Commentary

Old Technology And New Brand Masters

If you had anything to do with the Obama presidential campaign, you have not indulged in any post-election relaxation. Instead, you've been taking calls from conferences wanting you to speak. For the eMetrics Marketing Optimization Summit in San Jose last August, I was lucky enough to get Mark Skidmore, Director of Advertising & Promotion at Blue State Digital on the podum.

Mark is very enthusiastic about his role in the campaign and is a huge proponent of crowd sourcing, widgets, Twitter, Facebook and every other cutting-edge, latest and greatest tool, technique and toy that's out there. But he gives the majority of the communication credit to an old tool that I consider the wave of the future: email.

Yeah, boring, isn't it? The online campaign ran on email blasts sent out by (OK, on behalf of) Barack, Michelle and a handful of top-level advisors. They used email to drive every message and push every sound bite to link up millions of people behind a single cause.

This is not to ignore the amazing work done by the Web site team nor the untold hours put in by the banner ad folks, etc. But for getting out the vote, motivating the volunteers and bringing in the donations, email was the killer ap.

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Email is fast, efficient, cheap -- and even though I was told by one tween that she only used it to talk to old people, it's ubiquitous. Everybody's got email. It's absurdly reliable; it just plain works. It also lets the campaign focus on the message instead of the media. And that's where my "wave of the future" comes in: managing the message.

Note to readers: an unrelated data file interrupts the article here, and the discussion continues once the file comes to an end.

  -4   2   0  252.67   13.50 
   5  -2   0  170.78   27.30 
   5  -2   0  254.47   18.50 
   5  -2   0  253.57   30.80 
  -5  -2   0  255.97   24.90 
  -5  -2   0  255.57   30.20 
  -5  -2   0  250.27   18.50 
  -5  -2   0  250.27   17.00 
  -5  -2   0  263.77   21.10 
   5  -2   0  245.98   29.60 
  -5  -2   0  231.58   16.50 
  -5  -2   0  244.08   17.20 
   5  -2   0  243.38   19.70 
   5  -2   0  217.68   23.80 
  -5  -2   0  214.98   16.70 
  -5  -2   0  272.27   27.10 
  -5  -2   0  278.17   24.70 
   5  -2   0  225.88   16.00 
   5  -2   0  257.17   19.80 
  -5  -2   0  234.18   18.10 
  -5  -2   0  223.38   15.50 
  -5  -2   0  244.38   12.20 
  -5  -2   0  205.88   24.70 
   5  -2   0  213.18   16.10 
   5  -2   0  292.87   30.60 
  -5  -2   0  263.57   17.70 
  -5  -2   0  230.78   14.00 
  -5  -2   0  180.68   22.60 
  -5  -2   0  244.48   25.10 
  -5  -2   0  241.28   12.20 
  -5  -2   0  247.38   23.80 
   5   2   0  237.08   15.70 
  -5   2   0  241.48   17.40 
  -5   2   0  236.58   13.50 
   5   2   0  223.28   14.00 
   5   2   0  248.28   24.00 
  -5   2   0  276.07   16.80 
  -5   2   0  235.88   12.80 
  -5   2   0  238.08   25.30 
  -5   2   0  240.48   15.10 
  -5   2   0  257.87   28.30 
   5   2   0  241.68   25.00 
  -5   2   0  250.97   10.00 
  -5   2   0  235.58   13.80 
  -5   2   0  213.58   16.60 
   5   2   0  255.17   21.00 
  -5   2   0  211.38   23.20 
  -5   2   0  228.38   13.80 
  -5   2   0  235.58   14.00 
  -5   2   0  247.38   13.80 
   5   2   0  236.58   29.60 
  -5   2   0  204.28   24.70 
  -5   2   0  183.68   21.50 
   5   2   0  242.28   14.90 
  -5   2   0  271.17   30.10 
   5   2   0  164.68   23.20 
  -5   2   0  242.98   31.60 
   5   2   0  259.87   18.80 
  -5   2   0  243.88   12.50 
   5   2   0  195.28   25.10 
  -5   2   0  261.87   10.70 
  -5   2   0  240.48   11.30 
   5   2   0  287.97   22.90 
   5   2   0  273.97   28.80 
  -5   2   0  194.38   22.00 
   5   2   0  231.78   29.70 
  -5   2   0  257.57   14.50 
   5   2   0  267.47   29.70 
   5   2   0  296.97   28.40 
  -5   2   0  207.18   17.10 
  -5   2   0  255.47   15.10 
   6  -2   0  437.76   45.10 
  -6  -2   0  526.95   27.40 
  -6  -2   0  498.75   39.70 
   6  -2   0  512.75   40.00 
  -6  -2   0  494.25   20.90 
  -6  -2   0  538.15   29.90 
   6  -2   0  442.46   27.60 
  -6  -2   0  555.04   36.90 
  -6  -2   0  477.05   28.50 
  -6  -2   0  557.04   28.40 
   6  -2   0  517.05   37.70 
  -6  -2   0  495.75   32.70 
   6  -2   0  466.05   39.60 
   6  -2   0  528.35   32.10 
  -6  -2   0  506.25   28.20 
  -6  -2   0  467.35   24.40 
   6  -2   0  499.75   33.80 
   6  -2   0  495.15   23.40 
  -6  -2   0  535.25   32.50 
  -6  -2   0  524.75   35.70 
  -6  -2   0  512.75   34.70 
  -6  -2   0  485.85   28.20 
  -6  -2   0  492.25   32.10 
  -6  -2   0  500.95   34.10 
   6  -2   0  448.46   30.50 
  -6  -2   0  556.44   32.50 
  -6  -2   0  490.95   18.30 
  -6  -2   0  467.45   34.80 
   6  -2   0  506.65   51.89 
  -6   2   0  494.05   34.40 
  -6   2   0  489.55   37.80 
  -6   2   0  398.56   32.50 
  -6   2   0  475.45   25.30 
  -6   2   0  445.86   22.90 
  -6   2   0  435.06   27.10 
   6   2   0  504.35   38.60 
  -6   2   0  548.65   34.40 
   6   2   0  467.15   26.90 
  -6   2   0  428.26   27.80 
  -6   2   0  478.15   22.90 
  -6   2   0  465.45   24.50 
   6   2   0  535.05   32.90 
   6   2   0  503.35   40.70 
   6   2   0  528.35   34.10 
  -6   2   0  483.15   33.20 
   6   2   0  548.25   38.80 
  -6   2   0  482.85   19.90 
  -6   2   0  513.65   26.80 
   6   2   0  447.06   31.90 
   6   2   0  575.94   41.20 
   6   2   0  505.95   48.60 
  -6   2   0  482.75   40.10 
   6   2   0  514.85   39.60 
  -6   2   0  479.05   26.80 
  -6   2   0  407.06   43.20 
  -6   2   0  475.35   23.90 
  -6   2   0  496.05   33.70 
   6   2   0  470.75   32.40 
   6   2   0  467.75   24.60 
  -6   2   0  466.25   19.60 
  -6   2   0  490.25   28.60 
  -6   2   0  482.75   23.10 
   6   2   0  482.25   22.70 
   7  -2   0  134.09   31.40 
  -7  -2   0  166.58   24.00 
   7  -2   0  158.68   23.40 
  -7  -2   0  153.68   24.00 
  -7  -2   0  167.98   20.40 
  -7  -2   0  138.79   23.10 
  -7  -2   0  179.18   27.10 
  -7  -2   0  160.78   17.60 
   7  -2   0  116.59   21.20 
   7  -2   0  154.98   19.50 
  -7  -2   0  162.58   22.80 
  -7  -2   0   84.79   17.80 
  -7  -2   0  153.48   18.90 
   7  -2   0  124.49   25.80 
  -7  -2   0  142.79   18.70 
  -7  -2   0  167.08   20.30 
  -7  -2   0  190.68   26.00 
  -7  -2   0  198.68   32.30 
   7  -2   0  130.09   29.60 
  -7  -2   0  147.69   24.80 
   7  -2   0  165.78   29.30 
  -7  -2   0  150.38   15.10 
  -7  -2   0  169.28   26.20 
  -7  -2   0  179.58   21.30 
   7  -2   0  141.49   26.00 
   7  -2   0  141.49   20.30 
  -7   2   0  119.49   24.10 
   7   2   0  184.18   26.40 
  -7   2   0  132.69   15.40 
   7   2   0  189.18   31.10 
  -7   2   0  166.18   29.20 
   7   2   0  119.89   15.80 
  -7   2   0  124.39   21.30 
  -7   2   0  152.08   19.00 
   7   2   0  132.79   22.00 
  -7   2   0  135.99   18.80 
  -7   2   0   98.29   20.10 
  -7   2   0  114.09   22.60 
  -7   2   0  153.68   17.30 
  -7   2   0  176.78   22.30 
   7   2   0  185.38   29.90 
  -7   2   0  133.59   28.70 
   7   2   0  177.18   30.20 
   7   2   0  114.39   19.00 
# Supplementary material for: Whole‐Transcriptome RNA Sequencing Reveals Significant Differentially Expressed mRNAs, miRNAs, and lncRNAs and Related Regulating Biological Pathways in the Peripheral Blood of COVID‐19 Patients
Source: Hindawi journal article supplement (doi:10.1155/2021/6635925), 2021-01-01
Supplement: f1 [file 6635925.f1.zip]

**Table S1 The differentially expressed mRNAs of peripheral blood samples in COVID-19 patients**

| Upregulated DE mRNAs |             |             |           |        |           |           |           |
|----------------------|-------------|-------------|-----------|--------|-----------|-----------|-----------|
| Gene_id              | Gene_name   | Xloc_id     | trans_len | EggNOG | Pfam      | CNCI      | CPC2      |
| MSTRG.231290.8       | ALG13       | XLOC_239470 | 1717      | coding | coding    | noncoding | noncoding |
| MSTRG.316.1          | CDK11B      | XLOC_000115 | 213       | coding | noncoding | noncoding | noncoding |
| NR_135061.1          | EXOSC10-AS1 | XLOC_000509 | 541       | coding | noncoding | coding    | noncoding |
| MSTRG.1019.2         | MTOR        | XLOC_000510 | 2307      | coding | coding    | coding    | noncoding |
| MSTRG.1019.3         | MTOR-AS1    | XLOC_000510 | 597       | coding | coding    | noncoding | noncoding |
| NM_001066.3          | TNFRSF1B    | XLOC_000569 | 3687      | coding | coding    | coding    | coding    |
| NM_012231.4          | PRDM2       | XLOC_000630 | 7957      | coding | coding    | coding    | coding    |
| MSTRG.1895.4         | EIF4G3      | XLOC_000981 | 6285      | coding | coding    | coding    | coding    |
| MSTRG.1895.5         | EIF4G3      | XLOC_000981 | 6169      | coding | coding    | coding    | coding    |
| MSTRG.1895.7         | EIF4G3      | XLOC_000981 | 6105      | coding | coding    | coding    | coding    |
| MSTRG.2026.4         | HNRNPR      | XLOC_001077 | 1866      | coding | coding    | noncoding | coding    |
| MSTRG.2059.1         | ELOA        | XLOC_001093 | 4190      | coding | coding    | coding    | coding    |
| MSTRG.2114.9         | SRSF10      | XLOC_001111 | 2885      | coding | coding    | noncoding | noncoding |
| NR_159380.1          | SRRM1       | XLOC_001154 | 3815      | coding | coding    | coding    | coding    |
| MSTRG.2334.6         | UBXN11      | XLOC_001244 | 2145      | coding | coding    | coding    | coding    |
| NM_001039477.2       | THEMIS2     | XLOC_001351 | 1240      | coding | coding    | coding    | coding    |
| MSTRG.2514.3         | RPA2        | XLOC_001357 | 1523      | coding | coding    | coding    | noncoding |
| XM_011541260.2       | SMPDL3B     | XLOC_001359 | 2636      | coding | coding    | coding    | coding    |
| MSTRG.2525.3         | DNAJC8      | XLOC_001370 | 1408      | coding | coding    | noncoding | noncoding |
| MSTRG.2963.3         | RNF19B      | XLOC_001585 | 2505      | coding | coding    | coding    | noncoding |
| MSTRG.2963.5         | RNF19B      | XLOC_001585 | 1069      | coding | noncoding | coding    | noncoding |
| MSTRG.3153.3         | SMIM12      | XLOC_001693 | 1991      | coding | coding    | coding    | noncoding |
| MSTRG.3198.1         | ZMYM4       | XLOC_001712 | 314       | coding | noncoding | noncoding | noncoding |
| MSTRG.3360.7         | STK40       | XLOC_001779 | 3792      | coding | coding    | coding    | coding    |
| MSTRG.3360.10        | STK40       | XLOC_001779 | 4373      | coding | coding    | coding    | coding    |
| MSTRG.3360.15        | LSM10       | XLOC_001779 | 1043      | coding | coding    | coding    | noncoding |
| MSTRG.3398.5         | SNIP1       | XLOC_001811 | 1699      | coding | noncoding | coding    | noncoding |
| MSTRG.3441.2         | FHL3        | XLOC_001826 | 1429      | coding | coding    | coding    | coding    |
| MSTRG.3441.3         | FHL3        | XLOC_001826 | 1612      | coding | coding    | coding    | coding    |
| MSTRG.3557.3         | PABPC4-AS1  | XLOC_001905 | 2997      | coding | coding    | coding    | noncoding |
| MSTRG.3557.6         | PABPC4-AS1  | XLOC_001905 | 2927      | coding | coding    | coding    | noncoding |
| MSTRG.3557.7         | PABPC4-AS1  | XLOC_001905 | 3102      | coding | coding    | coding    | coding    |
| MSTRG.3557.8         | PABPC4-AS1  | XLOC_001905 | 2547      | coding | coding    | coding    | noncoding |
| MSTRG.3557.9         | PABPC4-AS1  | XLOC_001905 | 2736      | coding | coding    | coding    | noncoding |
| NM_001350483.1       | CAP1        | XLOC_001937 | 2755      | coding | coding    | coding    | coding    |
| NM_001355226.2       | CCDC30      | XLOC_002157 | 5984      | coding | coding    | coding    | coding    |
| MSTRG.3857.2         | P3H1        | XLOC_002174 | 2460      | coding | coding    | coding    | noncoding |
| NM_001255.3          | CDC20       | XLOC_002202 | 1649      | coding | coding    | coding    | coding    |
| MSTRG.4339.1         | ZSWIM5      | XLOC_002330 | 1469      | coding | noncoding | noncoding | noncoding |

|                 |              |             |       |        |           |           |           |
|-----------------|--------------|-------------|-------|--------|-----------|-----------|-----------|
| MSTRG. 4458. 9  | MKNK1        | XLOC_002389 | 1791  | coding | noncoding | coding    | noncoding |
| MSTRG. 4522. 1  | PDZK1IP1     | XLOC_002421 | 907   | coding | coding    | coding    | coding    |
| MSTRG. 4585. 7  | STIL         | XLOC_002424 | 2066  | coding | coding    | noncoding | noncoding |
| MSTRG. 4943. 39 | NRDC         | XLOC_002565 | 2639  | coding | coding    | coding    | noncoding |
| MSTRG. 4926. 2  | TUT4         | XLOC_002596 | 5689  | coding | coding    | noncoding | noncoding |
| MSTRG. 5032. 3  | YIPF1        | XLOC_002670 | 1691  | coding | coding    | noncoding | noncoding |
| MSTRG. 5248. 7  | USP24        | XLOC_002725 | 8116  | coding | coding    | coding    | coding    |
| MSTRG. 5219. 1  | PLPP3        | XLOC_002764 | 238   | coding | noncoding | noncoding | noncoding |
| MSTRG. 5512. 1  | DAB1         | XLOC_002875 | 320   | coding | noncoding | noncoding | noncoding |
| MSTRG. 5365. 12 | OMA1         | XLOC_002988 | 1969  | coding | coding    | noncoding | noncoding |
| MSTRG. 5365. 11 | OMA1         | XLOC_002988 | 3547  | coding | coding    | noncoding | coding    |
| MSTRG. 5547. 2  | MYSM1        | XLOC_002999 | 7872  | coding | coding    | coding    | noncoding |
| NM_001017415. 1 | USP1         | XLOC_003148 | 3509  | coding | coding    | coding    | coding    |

In his keynote presentation at eMetrics, Skidmore said they were thrilled that people took the logo and made it their own. It would be too hard to organize a barn painting program, but if you let the artwork free, anything can happen.

While turning the creative loose for use by the multitudes, the results felt unified. Newsweek pointed out that "Obama's marketing is much more cohesive and comprehensive than anything we've seen before, involving fonts, logos and web design in a way that transcends the mere appropriation of commercial tactics to achieve the sort of seamless brand identity that the most up-to-date companies strive for."

A throwaway line in Skidmore's speech has stuck with me for months and I think it's the way forward for all of us. I think I have believed this since I saw my first Web site (Sun Microsystems, 1993) but have never said it out loud due to its sheer audacity. Skidmore said they were able to accomplish such a consistent look and feel across all media, at light speed, by all concerned, because digital owned the brand.

I can feel "Mad Men" everywhere now wanting my guts for garters.

I do not think marketing should run the company, but I do believe digital should own the brand. Digital is better able to compare, test, measure, segment, target, disseminate and adjust a brand identity than any other discipline in the company.

Sacrilege? Certainly. But mark my words -- it's the way forward for all of us.

5 comments about "Old Technology And New Brand Masters".
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  1. Alex Czajkowski from eGaming 2.0 Ltd, June 9, 2009 at 4:16 p.m.

    " They used email to drive every message and push every sound bite to link up millions of people behind a single cause. " Sounds like spam to me mate. Did I opt-in to receive mesages from a political party? Never in my life.. did you? Did the millions? Great viral stuff--the personalized Lost by One Vote Less is epic in every dimension, but email? permission marketing? Am I missing something? I never asked to be contacted by a presidential candidate or viagra supplier.... my emails too filled up with new friend requests on FB ;-)